Archive for the ‘education’ Category

Quest University, Canada – An Approach to Interdisciplinary Education

Thursday, October 20th, 2011

Dr. David J. Helfand, President, Quest University Canada:

Labor market analysts predict that university graduates today will have at least three careers—not three different jobs, but three quite distinct careers—in their working lifetimes. Why, then, should a university “education” take place in “programs” with a specific focus and culminate in a “major” defined by a departmental silo holding the prescribed knowledge of a single discipline? It is, no doubt, of some value to study a subject deeply, but should this be the approach to an undergraduate education—those precious four years when, for once in a lifetime, one is free to do nothing but learn?

We too often confuse education with training. The Latin, educare —to rear —stems from educere—to lead forth. To stride out into the world and to grow. Not to jump over hurdles, carefully spaced at equal intervals on a circumscribed track.

Now, I am all in favor of training. When I pick a surgeon, I want one who has done the operation I require a thousand times. The same with a car mechanic. And, yes, when I am looking at applications to my PhD program in astrophysics, I want potential students to have some training in the techniques of physics, computer programming, and mathematics. But most of all, I want students who are curious, who can make unexpected connections, who are passionate about learning more — who are educated, preferably in an interdisciplinary way.

Why don’t most universities work this way? Because it is hard and discomforting and time-consuming and disruptive. Most university faculty are the ultimate in specialization; they have spent ten or more years to earn a PhD, progressing along a path which inevitably leads them to learn more and more about less and less (with the obvious accompanying danger that they might end up knowing everything about nothing). Universities are structured in a manner that reinforces the worst aspects of this training, setting up narrowly focused departments to compete against each other for resources and prestige. The unsurprising result is that efforts to reach across disciplinary boundaries —to mount joint courses, start trans-disciplinary programs, foster inter-departmental research projects — are often discouraged or even punished.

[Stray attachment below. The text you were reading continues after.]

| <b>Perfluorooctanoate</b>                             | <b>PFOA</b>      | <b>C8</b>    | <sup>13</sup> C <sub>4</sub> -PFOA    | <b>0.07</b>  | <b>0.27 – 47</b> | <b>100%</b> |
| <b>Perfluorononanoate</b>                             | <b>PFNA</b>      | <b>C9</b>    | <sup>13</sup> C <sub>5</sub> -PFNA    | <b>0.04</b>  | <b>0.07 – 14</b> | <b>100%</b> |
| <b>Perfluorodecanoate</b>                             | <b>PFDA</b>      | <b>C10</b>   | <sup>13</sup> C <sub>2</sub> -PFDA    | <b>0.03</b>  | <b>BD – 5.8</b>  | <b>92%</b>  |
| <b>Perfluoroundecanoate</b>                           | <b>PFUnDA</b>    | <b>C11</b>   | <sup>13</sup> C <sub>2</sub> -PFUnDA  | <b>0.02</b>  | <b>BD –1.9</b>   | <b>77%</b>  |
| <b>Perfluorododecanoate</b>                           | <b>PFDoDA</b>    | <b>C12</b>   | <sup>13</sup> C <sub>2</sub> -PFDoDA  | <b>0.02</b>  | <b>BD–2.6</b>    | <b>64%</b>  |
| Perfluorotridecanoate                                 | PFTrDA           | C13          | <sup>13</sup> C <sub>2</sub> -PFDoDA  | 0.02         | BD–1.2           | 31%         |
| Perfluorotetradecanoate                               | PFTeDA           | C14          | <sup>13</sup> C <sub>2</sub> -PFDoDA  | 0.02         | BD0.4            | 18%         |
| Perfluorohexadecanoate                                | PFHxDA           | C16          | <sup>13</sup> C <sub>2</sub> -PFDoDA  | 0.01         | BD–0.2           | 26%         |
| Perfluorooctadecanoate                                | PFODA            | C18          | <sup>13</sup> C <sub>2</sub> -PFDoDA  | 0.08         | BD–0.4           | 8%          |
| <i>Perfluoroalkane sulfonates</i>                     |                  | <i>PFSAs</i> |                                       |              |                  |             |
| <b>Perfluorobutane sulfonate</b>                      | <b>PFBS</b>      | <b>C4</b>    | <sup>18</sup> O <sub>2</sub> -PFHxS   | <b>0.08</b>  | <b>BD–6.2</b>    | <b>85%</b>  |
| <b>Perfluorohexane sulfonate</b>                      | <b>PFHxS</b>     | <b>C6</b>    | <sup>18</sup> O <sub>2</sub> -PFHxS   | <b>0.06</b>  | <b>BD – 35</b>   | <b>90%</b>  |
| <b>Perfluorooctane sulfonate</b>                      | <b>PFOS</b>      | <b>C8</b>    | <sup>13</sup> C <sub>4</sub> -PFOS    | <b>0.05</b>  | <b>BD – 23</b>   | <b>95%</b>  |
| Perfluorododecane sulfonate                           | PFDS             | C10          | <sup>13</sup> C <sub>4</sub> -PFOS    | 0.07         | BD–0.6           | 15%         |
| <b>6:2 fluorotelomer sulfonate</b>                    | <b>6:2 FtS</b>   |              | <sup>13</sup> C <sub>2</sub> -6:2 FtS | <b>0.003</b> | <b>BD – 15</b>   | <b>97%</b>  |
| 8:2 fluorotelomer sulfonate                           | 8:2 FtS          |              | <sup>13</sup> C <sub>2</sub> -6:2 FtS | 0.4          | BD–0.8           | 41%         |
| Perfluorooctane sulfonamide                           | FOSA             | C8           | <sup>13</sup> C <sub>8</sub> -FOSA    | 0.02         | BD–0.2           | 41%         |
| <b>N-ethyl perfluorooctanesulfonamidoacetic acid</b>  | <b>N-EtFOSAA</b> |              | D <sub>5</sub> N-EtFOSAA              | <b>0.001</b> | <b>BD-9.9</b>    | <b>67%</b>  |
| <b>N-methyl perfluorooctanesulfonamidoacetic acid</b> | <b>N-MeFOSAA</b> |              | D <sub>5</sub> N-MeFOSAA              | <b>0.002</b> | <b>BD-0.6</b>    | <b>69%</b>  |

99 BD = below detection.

At Quest University Canada, the country’s newest university, we have made a conscious effort to remove these barriers to interdisciplinary education. We have no departments, just a faculty devoted to educating (rather than training) curious and passionate undergraduates. We also have no majors.

More at What are the benefits of interdisciplinary education? | Erudito.

Interns – something needs to be done

Friday, August 14th, 2009

I’m getting more and more angry about the subject of design internships and the bizarre excuses that many in industry and, let’s be honest, education, use to excuse the practice.

Internships, also known as placements, are “opportunities” for graduates to get experience of “real world work” which apparently makes CVs look better and increases your chance of getting a job.

The trouble is, the likelihood of getting a job is much reduced as a fair proportion of work is being done by interns working for free!
Or as Tory MP Philip Hammond recently told a constituent after being asked why he doesn’t pay his own interns: “I would regard it as an abuse of taxpayer funding to pay for something that is available for nothing”1. This, unfortunately is the endless loop we find ourselves in: many people agree that internships are bad, however there are many people wanting to do them, therefore you either stick to your principles and miss out on all that lovely “experience”, or you give in.